The lack of U.S. immigration reform could stifle economic growth in San Diego County and pigeonhole the region as a place that fails to attract major companies, said Qualcomm founding Chairman Irwin Jacobs at a local real estate conference on Friday.
Technology and life-science companies in the county, like mobile chip maker Qualcomm, are having an increasingly hard time recruiting qualified workers because many of them are foreign graduates who can’t secure visas to work legally in this country, said Jacobs, at an event hosted by USD’s Burnham-Moores Center for Real Estate.
Those who fail to lock in visas take their knowledge and experience elsewhere, helping competing businesses abroad, Jacobs said. Another issue is a shortage of native-born graduates in the STEM subjects: science, technology, engineering and mathematics.
“Particularly graduate school, over half of the students are foreign born,” said Jacobs, addressing real estate and business leaders at the Hilton San Diego Bayfront. “We’d love to hire them, but then we run into constraints. The number of H-1B visas that are available are limited … In fact, they often run out the first or second day they become available.”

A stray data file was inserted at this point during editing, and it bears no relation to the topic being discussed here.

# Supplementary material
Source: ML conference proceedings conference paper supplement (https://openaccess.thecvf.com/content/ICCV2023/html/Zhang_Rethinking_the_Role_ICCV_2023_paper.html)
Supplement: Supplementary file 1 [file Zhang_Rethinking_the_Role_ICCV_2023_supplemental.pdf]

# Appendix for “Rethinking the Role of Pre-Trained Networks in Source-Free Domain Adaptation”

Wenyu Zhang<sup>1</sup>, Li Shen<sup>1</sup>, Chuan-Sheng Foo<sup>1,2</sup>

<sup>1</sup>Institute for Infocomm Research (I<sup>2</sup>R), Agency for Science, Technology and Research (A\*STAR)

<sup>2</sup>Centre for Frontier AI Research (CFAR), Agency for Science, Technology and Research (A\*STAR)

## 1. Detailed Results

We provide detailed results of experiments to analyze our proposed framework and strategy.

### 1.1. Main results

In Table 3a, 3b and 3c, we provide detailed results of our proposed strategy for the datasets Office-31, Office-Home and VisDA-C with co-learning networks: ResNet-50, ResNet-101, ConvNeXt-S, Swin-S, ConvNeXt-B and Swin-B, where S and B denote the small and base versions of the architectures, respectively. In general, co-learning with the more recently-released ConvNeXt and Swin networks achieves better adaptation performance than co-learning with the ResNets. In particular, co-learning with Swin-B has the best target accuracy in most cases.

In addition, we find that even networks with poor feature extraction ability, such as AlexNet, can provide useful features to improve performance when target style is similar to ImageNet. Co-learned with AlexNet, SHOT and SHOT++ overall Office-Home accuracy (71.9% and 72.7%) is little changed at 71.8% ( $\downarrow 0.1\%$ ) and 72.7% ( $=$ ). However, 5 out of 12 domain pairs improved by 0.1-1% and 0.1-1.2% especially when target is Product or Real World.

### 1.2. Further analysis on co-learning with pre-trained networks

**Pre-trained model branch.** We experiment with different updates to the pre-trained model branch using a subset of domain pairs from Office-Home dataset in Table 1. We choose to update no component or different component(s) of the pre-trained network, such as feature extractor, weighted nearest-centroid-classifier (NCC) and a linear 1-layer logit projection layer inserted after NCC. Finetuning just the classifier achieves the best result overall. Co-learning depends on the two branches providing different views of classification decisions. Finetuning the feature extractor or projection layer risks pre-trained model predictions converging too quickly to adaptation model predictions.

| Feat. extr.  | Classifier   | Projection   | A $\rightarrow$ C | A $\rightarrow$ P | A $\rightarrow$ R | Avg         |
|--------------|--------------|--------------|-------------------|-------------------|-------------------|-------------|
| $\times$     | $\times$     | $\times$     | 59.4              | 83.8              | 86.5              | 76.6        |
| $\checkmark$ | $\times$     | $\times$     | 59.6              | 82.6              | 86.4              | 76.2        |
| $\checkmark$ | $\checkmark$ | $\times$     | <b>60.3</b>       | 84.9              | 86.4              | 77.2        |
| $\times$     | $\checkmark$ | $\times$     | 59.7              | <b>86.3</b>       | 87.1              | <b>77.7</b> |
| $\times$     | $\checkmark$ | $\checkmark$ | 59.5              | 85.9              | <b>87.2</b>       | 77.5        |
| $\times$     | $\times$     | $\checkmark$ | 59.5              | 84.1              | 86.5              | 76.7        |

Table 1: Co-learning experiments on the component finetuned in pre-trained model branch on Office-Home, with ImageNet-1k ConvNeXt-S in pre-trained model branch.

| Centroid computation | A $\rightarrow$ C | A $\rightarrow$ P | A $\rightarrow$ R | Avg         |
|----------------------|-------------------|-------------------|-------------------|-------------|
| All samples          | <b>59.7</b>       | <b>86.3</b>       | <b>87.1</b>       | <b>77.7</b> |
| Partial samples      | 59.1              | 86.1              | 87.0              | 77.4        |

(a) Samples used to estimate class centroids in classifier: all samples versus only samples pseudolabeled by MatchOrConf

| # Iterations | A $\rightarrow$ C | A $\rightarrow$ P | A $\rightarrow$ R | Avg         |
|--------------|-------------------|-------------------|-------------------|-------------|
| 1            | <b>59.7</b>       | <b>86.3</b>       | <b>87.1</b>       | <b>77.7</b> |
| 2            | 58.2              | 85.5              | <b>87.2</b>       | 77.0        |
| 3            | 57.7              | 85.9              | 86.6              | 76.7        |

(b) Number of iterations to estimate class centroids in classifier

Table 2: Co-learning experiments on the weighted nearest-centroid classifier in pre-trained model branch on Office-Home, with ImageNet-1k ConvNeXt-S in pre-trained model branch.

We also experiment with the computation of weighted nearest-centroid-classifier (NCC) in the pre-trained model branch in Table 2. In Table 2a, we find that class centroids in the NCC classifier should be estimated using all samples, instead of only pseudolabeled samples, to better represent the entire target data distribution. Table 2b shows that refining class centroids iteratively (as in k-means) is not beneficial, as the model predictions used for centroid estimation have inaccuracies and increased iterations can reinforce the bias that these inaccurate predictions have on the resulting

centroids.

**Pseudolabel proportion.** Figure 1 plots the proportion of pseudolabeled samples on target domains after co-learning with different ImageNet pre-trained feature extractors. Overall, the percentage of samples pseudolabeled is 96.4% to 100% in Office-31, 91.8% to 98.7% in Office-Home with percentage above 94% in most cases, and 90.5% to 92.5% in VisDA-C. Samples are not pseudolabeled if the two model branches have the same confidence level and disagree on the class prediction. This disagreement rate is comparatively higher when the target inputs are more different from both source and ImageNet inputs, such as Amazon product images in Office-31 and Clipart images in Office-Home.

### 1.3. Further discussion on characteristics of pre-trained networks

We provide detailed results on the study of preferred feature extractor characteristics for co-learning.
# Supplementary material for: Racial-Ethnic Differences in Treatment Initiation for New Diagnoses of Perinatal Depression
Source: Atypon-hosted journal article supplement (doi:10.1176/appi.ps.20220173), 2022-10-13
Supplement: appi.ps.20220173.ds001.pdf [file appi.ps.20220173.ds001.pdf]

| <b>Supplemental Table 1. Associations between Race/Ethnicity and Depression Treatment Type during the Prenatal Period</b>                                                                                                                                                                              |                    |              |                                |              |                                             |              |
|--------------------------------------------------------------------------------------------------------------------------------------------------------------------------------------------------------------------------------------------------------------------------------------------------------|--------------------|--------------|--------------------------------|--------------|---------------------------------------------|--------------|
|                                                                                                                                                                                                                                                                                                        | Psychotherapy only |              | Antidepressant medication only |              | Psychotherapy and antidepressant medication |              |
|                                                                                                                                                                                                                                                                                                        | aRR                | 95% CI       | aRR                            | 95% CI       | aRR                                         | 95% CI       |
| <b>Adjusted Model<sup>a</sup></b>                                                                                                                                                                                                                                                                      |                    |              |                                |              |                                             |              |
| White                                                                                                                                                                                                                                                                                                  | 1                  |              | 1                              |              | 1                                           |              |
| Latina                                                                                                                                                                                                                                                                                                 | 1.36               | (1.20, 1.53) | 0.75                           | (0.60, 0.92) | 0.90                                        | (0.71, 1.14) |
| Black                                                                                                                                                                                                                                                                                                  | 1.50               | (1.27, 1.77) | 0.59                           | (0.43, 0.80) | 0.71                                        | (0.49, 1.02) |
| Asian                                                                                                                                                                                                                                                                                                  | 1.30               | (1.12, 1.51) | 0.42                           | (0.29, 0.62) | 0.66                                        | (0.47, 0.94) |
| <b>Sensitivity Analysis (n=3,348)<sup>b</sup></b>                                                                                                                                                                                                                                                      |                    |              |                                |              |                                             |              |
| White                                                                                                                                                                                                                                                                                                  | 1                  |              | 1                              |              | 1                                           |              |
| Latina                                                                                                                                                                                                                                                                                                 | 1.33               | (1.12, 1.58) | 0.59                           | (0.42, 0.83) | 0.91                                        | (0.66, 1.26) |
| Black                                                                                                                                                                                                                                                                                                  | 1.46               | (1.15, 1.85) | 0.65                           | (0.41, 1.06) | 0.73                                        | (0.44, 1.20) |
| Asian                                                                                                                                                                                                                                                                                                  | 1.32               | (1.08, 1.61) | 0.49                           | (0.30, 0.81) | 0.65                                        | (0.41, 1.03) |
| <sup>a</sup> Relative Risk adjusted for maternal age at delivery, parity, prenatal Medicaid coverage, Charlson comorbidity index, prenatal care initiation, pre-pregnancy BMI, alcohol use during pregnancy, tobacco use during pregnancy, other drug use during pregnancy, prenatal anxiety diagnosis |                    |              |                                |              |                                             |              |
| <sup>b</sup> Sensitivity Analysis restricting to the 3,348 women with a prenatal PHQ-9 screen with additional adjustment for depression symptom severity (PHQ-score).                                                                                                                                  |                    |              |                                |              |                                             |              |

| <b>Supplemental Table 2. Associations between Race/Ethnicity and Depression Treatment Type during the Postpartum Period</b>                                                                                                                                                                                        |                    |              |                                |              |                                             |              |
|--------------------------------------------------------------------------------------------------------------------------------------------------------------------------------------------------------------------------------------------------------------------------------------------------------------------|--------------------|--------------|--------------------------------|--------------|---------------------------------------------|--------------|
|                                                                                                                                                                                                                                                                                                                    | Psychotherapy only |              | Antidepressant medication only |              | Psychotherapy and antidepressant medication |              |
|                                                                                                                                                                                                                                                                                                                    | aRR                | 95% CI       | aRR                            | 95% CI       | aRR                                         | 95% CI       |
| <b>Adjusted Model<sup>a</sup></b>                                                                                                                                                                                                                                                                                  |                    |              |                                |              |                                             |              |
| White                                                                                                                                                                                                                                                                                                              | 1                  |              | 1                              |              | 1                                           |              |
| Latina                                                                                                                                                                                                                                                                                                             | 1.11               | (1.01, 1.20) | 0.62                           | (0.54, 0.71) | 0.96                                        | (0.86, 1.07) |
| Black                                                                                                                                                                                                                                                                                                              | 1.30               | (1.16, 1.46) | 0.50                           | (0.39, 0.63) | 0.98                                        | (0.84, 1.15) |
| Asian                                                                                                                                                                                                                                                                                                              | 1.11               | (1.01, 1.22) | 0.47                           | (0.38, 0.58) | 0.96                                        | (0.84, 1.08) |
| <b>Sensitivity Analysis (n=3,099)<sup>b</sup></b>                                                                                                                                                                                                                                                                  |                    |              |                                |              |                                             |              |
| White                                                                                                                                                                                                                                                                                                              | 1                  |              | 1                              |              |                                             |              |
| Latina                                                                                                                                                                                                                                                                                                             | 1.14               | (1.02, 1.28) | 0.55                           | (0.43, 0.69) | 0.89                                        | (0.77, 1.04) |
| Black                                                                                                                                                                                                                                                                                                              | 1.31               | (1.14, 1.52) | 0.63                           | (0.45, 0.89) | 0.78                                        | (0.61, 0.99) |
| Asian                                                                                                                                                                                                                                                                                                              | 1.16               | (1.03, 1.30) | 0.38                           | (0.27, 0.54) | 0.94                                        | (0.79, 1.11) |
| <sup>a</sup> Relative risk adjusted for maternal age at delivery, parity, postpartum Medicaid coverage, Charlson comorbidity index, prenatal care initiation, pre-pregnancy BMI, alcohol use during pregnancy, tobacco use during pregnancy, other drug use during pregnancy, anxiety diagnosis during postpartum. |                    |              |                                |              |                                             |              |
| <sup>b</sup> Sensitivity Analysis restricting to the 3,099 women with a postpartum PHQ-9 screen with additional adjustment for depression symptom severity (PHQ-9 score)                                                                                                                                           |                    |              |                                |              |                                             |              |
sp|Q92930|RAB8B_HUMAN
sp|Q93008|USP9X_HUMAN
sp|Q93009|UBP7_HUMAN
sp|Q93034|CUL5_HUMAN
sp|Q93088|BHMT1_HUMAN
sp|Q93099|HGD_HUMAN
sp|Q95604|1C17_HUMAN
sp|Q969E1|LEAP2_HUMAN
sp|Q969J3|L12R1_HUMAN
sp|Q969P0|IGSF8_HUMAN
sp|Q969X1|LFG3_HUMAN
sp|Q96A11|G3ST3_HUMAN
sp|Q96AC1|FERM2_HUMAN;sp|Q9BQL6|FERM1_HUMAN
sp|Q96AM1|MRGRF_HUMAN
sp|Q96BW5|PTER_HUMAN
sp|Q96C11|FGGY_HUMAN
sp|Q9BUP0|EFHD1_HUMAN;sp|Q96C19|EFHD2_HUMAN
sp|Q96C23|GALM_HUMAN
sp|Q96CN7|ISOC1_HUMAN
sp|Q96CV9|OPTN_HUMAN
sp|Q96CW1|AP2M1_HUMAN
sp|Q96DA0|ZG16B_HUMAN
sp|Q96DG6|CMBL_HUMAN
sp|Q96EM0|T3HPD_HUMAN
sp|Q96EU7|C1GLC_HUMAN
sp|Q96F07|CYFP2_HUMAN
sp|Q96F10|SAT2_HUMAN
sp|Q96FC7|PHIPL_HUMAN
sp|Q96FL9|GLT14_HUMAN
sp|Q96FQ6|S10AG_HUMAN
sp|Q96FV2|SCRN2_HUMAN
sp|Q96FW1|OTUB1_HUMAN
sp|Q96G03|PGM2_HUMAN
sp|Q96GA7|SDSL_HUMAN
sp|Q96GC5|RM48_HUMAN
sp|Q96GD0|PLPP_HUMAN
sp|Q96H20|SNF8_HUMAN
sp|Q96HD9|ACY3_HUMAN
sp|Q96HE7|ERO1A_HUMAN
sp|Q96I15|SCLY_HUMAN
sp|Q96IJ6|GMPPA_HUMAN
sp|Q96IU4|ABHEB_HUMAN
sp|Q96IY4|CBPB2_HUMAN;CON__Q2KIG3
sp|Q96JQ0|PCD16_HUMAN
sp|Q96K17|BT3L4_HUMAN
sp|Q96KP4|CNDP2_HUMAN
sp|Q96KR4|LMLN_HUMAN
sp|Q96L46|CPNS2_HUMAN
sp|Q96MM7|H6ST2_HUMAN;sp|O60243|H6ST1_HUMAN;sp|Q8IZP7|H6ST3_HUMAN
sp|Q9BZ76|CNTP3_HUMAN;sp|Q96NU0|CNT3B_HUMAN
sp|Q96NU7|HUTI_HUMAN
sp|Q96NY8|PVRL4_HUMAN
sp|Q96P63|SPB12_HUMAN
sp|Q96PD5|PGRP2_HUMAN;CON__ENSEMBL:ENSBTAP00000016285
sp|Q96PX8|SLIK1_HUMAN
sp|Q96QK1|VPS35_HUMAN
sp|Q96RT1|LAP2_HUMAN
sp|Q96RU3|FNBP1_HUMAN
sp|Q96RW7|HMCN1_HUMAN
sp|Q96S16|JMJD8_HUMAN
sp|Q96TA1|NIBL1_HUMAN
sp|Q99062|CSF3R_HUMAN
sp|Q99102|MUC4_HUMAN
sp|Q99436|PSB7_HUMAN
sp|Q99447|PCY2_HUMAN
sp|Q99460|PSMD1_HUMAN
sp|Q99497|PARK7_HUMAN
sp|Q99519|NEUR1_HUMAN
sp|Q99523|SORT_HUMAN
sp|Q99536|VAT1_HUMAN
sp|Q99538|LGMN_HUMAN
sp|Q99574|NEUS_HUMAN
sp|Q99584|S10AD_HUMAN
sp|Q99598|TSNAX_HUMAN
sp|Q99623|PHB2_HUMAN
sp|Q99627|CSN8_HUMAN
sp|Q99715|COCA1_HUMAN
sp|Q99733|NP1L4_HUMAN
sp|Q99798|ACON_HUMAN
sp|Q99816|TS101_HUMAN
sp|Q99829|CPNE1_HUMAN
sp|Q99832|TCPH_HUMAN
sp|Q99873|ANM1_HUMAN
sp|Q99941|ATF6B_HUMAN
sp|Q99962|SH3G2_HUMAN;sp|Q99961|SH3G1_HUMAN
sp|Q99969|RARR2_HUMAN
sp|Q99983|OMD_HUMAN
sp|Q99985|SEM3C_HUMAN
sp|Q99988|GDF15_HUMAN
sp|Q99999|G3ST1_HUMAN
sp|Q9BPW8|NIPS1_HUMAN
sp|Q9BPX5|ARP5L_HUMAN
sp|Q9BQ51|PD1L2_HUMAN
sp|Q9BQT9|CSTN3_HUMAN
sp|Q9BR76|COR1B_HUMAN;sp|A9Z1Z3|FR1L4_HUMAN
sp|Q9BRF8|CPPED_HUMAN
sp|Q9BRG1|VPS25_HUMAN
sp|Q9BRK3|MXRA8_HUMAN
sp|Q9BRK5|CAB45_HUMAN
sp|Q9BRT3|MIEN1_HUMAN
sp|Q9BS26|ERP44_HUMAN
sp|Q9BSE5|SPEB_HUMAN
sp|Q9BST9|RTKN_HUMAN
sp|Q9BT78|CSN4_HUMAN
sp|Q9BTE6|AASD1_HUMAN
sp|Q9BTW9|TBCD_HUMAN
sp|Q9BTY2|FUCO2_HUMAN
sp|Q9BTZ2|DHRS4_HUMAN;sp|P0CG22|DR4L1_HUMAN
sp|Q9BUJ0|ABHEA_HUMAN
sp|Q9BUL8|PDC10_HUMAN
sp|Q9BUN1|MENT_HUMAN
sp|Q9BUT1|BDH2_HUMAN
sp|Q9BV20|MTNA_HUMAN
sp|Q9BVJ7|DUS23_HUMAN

Ernest Rady, executive chairman of San Diego-based real estate investment trust American Assets Trust, echoed Irwin’s sentiments about the need for change in immigration policy.
“Immigration is a lifeblood for this country, not only because it brings innovation … but it also brings capital,” said Rady, who criticized a divided Capitol for the lack of progress in this area.
Source: Union Tribune San Diego